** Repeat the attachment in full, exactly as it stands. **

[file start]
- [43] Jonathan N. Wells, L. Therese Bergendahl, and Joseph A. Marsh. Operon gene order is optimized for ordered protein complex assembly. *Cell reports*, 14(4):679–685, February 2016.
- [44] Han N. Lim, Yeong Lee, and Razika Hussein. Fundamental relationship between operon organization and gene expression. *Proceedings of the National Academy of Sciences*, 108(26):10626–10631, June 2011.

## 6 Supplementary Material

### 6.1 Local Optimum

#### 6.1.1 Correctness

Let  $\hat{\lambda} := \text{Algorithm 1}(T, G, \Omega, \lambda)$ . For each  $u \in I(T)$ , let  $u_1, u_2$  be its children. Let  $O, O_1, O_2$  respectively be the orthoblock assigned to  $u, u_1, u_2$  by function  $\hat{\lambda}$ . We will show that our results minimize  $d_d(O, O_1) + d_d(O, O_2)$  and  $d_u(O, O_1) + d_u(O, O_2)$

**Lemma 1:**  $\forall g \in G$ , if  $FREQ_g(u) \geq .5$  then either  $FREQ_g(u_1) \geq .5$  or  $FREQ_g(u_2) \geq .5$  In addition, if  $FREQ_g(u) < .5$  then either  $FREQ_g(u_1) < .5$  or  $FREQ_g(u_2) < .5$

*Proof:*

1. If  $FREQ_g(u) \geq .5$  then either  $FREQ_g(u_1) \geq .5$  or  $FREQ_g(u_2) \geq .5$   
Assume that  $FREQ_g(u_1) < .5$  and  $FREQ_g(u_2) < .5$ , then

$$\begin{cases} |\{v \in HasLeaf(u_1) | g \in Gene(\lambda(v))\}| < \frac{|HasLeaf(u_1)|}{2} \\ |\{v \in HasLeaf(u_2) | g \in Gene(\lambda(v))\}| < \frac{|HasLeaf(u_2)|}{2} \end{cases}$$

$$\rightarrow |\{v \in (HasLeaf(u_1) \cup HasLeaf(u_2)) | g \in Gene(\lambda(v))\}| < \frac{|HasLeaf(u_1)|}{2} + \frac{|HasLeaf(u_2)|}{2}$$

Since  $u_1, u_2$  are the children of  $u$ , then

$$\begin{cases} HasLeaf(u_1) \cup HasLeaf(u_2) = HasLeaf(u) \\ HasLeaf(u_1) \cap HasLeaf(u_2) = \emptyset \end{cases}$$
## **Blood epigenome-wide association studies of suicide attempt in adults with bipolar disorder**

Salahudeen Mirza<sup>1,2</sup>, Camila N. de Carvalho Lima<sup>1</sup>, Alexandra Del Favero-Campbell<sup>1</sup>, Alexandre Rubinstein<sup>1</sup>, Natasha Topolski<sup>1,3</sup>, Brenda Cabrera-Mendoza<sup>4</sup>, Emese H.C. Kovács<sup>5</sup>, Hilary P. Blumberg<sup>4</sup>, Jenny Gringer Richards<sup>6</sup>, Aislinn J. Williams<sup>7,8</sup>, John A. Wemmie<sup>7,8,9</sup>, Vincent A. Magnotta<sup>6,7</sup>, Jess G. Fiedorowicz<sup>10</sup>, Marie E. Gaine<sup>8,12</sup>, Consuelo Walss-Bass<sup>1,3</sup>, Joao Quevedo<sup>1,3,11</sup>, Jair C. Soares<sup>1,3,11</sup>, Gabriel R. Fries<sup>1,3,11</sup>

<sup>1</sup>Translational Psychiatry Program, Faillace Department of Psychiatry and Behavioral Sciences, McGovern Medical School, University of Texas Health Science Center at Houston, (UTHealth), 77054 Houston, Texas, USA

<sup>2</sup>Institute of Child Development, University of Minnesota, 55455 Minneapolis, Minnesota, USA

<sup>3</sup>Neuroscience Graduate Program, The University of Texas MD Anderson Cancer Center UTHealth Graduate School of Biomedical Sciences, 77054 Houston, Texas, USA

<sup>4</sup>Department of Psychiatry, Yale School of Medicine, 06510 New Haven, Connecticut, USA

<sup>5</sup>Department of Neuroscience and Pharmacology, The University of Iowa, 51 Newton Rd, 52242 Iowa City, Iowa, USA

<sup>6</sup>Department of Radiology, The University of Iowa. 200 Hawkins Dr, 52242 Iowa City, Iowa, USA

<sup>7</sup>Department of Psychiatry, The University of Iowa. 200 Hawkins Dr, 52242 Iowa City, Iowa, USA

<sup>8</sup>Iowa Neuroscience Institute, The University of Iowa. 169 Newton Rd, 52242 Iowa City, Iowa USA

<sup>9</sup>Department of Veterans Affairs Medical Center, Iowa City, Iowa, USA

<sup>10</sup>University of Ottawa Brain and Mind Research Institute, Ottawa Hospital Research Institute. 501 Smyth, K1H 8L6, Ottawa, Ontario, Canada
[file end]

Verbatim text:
- [43] Jonathan N. Wells, L. Therese Bergendahl, and Joseph A. Marsh. Operon gene order is optimized for ordered protein complex assembly. *Cell reports*, 14(4):679–685, February 2016.
- [44] Han N. Lim, Yeong Lee, and Razika Hussein. Fundamental relationship between operon organization and gene expression. *Proceedings of the National Academy of Sciences*, 108(26):10626–10631, June 2011.

## 6 Supplementary Material

### 6.1 Local Optimum

#### 6.1.1 Correctness

Let  $\hat{\lambda} := \text{Algorithm 1}(T, G, \Omega, \lambda)$ . For each  $u \in I(T)$ , let  $u_1, u_2$  be its children. Let  $O, O_1, O_2$  respectively be the orthoblock assigned to  $u, u_1, u_2$  by function  $\hat{\lambda}$ . We will show that our results minimize  $d_d(O, O_1) + d_d(O, O_2)$  and  $d_u(O, O_1) + d_u(O, O_2)$

**Lemma 1:**  $\forall g \in G$ , if  $FREQ_g(u) \geq .5$  then either  $FREQ_g(u_1) \geq .5$  or  $FREQ_g(u_2) \geq .5$  In addition, if  $FREQ_g(u) < .5$  then either  $FREQ_g(u_1) < .5$  or  $FREQ_g(u_2) < .5$

*Proof:*

1. If  $FREQ_g(u) \geq .5$  then either  $FREQ_g(u_1) \geq .5$  or  $FREQ_g(u_2) \geq .5$   
Assume that  $FREQ_g(u_1) < .5$  and  $FREQ_g(u_2) < .5$ , then

$$\begin{cases} |\{v \in HasLeaf(u_1) | g \in Gene(\lambda(v))\}| < \frac{|HasLeaf(u_1)|}{2} \\ |\{v \in HasLeaf(u_2) | g \in Gene(\lambda(v))\}| < \frac{|HasLeaf(u_2)|}{2} \end{cases}$$

$$\rightarrow |\{v \in (HasLeaf(u_1) \cup HasLeaf(u_2)) | g \in Gene(\lambda(v))\}| < \frac{|HasLeaf(u_1)|}{2} + \frac{|HasLeaf(u_2)|}{2}$$

Since  $u_1, u_2$  are the children of  $u$ , then

$$\begin{cases} HasLeaf(u_1) \cup HasLeaf(u_2) = HasLeaf(u) \\ HasLeaf(u_1) \cap HasLeaf(u_2) = \emptyset \end{cases}$$
## **Blood epigenome-wide association studies of suicide attempt in adults with bipolar disorder**

Salahudeen Mirza<sup>1,2</sup>, Camila N. de Carvalho Lima<sup>1</sup>, Alexandra Del Favero-Campbell<sup>1</sup>, Alexandre Rubinstein<sup>1</sup>, Natasha Topolski<sup>1,3</sup>, Brenda Cabrera-Mendoza<sup>4</sup>, Emese H.C. Kovács<sup>5</sup>, Hilary P. Blumberg<sup>4</sup>, Jenny Gringer Richards<sup>6</sup>, Aislinn J. Williams<sup>7,8</sup>, John A. Wemmie<sup>7,8,9</sup>, Vincent A. Magnotta<sup>6,7</sup>, Jess G. Fiedorowicz<sup>10</sup>, Marie E. Gaine<sup>8,12</sup>, Consuelo Walss-Bass<sup>1,3</sup>, Joao Quevedo<sup>1,3,11</sup>, Jair C. Soares<sup>1,3,11</sup>, Gabriel R. Fries<sup>1,3,11</sup>

<sup>1</sup>Translational Psychiatry Program, Faillace Department of Psychiatry and Behavioral Sciences, McGovern Medical School, University of Texas Health Science Center at Houston, (UTHealth), 77054 Houston, Texas, USA

<sup>2</sup>Institute of Child Development, University of Minnesota, 55455 Minneapolis, Minnesota, USA

<sup>3</sup>Neuroscience Graduate Program, The University of Texas MD Anderson Cancer Center UTHealth Graduate School of Biomedical Sciences, 77054 Houston, Texas, USA

<sup>4</sup>Department of Psychiatry, Yale School of Medicine, 06510 New Haven, Connecticut, USA

<sup>5</sup>Department of Neuroscience and Pharmacology, The University of Iowa, 51 Newton Rd, 52242 Iowa City, Iowa, USA

<sup>6</sup>Department of Radiology, The University of Iowa. 200 Hawkins Dr, 52242 Iowa City, Iowa, USA

<sup>7</sup>Department of Psychiatry, The University of Iowa. 200 Hawkins Dr, 52242 Iowa City, Iowa, USA

<sup>8</sup>Iowa Neuroscience Institute, The University of Iowa. 169 Newton Rd, 52242 Iowa City, Iowa USA

<sup>9</sup>Department of Veterans Affairs Medical Center, Iowa City, Iowa, USA

<sup>10</sup>University of Ottawa Brain and Mind Research Institute, Ottawa Hospital Research Institute. 501 Smyth, K1H 8L6, Ottawa, Ontario, Canada